I move that we just get rid of these dash cams and destroy any video we have of officers. In addition, I urge the legislature to make it a crime to record an officer by any means. Any audio, video, written or verbal account of an officers actions beyond that officers own report should be outlawed.
Posted by SeattleSeven on February 22, 2012 at 9:24 AM · Report this
Vince 9
Two concerns I have are these are the public's property and, given the force's recent reputation, one can't help the feeling something is being hidden.
Posted by Vince on February 22, 2012 at 9:21 AM · Report this
8
Instead of suing him, why don't you ask legislators to resolve the conflict in the law? If you need time before KOMO's lawsuit comes before the court, you can ask the judge to put the case on hold.

Or is asking the branches to work together wildly naive? Also, since you knew this was a problem, why didn't you push for a solution before it got to this point?
Posted by sahara29 on February 22, 2012 at 9:12 AM · Report this
7
The privacy 'concern' is week. All of the examples mentioned would occur in pubic space. There is no reasonable expectation of privacy when you are in pubic, which is why private citizens can record and photograph you at will. The only restriction on use of those images is when they are used for commercial purposes.

This is an issue between PRA and 9.73.090(1)(c) period. The privacy issue is a concern troll.
Posted by Action Slacks on February 22, 2012 at 9:11 AM · Report this
6
hey holmes why are you trying to prevent a case against the spd from being heard by the supreme court?

http://seattletimes.nwsource.com/html/lo…

oh yeah it's cause you're fucking pathetic and don't give a fuck about any citizen in seattle

your kid was a shitty writer too
Posted by Swearengen on February 22, 2012 at 9:09 AM · Report this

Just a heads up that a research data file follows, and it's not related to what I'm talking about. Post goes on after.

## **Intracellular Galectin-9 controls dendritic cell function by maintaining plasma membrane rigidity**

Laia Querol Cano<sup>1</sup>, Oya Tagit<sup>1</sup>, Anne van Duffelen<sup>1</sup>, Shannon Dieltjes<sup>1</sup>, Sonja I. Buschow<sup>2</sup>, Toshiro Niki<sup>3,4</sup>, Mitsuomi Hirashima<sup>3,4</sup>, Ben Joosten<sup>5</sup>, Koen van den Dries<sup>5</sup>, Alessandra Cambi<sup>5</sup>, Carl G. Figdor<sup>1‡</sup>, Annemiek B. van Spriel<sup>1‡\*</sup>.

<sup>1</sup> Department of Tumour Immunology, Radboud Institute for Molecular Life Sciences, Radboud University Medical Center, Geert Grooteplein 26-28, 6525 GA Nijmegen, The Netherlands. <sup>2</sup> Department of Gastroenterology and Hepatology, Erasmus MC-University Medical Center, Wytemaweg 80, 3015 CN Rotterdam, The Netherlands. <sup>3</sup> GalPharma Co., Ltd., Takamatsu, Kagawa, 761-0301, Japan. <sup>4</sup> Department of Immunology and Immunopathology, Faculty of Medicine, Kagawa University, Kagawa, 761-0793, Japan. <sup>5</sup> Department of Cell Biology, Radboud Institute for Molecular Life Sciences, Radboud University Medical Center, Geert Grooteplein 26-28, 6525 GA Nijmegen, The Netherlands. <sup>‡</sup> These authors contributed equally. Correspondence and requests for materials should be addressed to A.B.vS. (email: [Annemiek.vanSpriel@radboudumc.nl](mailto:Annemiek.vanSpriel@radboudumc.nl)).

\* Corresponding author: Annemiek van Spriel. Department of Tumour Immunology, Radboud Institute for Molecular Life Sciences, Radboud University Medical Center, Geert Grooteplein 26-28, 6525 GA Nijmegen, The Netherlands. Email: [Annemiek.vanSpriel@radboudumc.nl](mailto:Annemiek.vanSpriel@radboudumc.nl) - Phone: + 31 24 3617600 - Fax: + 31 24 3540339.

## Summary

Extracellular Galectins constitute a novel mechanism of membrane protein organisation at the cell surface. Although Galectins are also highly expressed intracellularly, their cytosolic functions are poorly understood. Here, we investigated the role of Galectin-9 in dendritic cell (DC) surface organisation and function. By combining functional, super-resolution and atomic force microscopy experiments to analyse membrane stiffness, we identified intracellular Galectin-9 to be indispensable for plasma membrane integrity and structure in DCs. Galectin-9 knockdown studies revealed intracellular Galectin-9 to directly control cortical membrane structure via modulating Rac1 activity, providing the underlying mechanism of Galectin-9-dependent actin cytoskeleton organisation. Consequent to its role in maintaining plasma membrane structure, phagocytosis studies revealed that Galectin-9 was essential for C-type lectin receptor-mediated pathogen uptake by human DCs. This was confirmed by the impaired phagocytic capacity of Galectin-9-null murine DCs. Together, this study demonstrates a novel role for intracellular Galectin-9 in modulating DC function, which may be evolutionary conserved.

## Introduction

DOUG. 5
When harassed by SPD, do the subjects in these videos have the means (both financial and intellectual) to hire an attorney to file a public records request on their behalf? I imagine many of them don't.

I voted for Pete Holmes because I thought he'd be the city's attorney, not the SPD's.
Posted by DOUG. http://www.dougsvotersguide.com on February 22, 2012 at 9:09 AM · Report this
4
actually, Egan has clients and he wants videos showing the other excessive force incidents involving the same officers that harmed the clinets he has. Stranger should at least get a comment from him before letting holmes use stranger for a forum -- the vast majority of SPD videos Egan is seeking are about on street public encounters in public and they are not private things and they do not involve the kinds of scenarios Holmes mentions as examples of cases where privacy truly is at stake. Rather, the videos sought are on street encounters where the same officer that harmed Egan's client harasses or uses excessiv force in on street encounters with others -- others who were on public streets, interacting in public with officers. The attorney for the city here is slickly twisting the facts and not showing the videos sought either -- so you have to trust him if he says there's a true privacy concern. should you?

well look at it this way. He didn't uncover the long term disaster at spd in simply nothaving an effective review system for use of force, did he? it was DoJ. apparently our own attorney Pete Holmes didn't notice that the spd use of force review system was nonexistent and was a rubber stamp promoting illegal use of force like doj said.

the point of the videos was to let citizens challenge officer misconduct. so when an officer beatsyou up, you should be able to get the video of that officer doing the same thing to others -- how else do you prove their intent? The prosecutors can bring up prior bad acts of criminals that match the circumstances of the alleged bad acts in question in a criminal trial to show intent or modus operandi -- how are you going to prove that if the city doesn't give you the video?

this suit is yet another step by the c ops and Holmes tohide video from the public.
More...
Posted by 1983 policy and custom on February 22, 2012 at 9:03 AM · Report this
3
@1, be nice - ever since Holmes' son finished that Stranger internship to return to the Harvard mens' glee club, the paper has had trouble finding the proper avenue for another in-kind contribution.
Posted by gloomy gus on February 22, 2012 at 8:59 AM · Report this
2
fuck you and your pig buddies holmes
Posted by Swearengen on February 22, 2012 at 8:58 AM · Report this
Fnarf 1
Why is this on Slog? Is it a paid political ad?
Posted by Fnarf http://www.facebook.com/fnarf on February 22, 2012 at 8:53 AM · Report this